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Illustration: Lazaro Gamio/Axios

Some candidates haven’t even formally announced their decision to run yet, but President Trump's re-election campaign is already gathering ammunition to use against his opponents and mapping out the regions where he is weakest.

Between the lines: The Democratic campaigns are getting all the attention right now, but the Trump team is following them closely, sending trackers and watching all of the candidates for liberal base-pleasing proposals — like packing the Supreme Court — that they can use to make the eventual nominee look extreme.

Details: The Republican National Committee, which is taking the lead on opposition research ahead of 2020 in coordination with the campaign, has been funding a network of trackers in all the early states. It's already out filming Democratic candidates, trying to catch their mistakes — especially in smaller, more rural settings away from the eyes of the national media.

  • “We started gathering research on 2020 candidates in spring of 2018,” Mike Reed, the RNC’s deputy chief of staff for communications, told me. 
  • The RNC is “going to make whoever the nominee is radioactive well before they get the nomination,” a former campaign official told Axios. “That’s Trump’s strategy. Stay at 45-46% [in the polls] and just make the other guy radioactive.”

And the campaign plans to highlight the Democratic candidates' far-left proposals in a way that that would "look poorly on the entire Democratic brand,” a Trump 2020 campaign adviser said — such as court packingabolishing the electoral college and reparations. "Even Bernie's not for reparations,” the source added.

The campaign is also zeroing in on which states they need to go after the hardest, which will ultimately depend on which Democrat becomes the frontrunner.

  • “The issue for Trump last time was, frankly, he spoke to working class voters and Hillary didn’t … So if you take that out of the equation, something like getting 60 thousand votes in Michigan becomes a lot harder,” the former campaign official said.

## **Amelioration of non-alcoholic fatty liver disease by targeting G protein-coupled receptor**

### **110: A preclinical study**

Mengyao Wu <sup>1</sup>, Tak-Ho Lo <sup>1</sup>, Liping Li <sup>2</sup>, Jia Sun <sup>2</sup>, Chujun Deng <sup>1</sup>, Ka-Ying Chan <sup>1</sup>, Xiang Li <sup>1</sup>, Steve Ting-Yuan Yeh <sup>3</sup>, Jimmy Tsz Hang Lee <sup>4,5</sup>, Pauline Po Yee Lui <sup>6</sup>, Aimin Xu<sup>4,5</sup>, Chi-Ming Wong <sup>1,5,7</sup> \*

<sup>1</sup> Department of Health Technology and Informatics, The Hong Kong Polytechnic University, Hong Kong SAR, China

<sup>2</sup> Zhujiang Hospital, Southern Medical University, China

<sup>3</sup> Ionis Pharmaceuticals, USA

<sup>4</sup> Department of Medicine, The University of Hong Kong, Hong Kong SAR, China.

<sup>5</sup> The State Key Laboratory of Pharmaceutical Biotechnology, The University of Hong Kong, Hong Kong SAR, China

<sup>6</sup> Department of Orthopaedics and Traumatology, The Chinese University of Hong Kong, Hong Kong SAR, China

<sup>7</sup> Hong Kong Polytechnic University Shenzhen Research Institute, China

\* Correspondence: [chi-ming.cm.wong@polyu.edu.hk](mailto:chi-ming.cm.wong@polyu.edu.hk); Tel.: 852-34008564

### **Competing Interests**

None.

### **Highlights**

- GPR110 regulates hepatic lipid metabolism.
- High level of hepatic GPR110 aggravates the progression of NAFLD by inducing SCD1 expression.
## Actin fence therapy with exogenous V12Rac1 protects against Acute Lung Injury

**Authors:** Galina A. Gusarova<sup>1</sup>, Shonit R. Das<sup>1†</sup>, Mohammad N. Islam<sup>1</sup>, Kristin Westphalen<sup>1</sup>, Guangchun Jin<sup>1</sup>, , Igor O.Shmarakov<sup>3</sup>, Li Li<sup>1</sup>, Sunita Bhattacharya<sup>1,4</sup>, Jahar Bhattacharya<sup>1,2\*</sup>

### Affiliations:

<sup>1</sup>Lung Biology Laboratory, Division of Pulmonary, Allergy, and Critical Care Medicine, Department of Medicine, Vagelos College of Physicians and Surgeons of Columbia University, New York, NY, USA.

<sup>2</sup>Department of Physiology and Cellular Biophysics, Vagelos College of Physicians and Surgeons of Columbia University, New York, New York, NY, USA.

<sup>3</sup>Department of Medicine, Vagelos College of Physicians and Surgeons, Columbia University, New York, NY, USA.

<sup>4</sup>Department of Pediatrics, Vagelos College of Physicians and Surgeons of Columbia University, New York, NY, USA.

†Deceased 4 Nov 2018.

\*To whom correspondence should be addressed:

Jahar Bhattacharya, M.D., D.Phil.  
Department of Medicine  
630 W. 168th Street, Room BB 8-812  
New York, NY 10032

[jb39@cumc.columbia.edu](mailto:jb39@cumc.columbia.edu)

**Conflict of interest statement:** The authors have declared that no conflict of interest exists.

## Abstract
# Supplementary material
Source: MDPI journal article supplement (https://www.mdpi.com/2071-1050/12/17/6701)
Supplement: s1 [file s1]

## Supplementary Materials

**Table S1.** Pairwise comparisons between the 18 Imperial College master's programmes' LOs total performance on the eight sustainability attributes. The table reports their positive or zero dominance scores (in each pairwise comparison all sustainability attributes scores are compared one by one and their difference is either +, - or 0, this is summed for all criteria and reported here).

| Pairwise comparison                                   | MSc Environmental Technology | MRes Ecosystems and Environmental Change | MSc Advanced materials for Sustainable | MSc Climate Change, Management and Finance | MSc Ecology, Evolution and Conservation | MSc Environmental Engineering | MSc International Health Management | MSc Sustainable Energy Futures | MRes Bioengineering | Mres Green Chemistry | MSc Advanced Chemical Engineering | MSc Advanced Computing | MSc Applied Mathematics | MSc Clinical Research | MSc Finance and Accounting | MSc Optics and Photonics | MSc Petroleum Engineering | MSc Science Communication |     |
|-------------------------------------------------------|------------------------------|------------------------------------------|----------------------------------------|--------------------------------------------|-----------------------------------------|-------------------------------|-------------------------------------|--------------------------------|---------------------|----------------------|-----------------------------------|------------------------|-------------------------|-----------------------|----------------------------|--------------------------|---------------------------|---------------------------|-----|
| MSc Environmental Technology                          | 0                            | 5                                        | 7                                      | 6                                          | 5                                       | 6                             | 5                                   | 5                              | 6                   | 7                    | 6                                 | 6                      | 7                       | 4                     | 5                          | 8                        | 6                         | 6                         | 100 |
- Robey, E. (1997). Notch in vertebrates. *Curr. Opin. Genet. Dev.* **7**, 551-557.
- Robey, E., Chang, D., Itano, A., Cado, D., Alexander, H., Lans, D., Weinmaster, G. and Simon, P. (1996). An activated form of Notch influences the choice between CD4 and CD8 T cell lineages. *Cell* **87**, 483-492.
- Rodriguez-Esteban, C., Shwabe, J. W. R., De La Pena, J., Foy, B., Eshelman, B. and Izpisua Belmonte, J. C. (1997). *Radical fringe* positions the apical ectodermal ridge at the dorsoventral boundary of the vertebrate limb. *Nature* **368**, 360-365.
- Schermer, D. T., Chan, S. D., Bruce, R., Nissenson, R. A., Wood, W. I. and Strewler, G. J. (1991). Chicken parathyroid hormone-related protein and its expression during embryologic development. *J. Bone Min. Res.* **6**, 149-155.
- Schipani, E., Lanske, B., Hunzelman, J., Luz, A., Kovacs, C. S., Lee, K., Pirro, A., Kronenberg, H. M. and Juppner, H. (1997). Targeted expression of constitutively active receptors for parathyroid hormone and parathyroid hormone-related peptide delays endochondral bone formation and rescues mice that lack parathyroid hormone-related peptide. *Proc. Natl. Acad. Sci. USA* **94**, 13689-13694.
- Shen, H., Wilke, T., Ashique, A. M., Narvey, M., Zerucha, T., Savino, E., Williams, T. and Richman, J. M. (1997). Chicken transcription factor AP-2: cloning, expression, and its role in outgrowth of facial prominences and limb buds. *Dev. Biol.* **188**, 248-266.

A Republican operative close to the campaign told Axios the team is most worried about Michigan and Wisconsin — states where they think it will be hard to replicate their 2016 win.

  • The campaign is less worried about Pennsylvania, the source said, given that Clinton campaigned heavily across the state and “won just about as many votes in Philly as she could get,” but Trump still came out on top.
  • They aren’t too concerned about Ohio, Florida or Georgia either. "We sent Trump there to campaign hard for the 2018 governors' races as a testing ground,” the source said. “Each state had really strong Dem candidates who garnered a lot of voter energy, but the Republicans, who weren’t the strongest candidates, still won.”

Kayleigh McEnany, press secretary for the Trump campaign, gave us this statement:  "We plan to win where the President won before, and expand the map even further.  There are a number of states where President Trump nearly won and we intend to focus a lot of attention there.”

Go deeper

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After a year-long delay, the Olympics finally got underway Friday as tennis star Naomi Osaka, who is competing for Japan, lit the cauldron, formally kicking off the Tokyo Games.

The big picture: Friday's opening ceremony looked, like many things over the last year, different than normal — multicolored seats replaced cheering fans, masks were a central part of the athletes' uniforms and a subdued, somber tone marked the occasion.

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Why it matters: It's the latest example of China responding furiously to U.S. attempts to shed light on human rights abuses in places like Hong Kong, Xinjiang and Tibet, which Chinese officials routinely condemn as "interference" in domestic affairs.

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The Cleveland Indians baseball team announced Friday that it will change its name to the "Guardians," following years of activism and protests against a moniker considered offensive by many Native Americans.

Why it matters: It's the first time the team will change its name since 1915, a move that comes in the wake of the nationwide racial reckoning that began with the murder of George Floyd.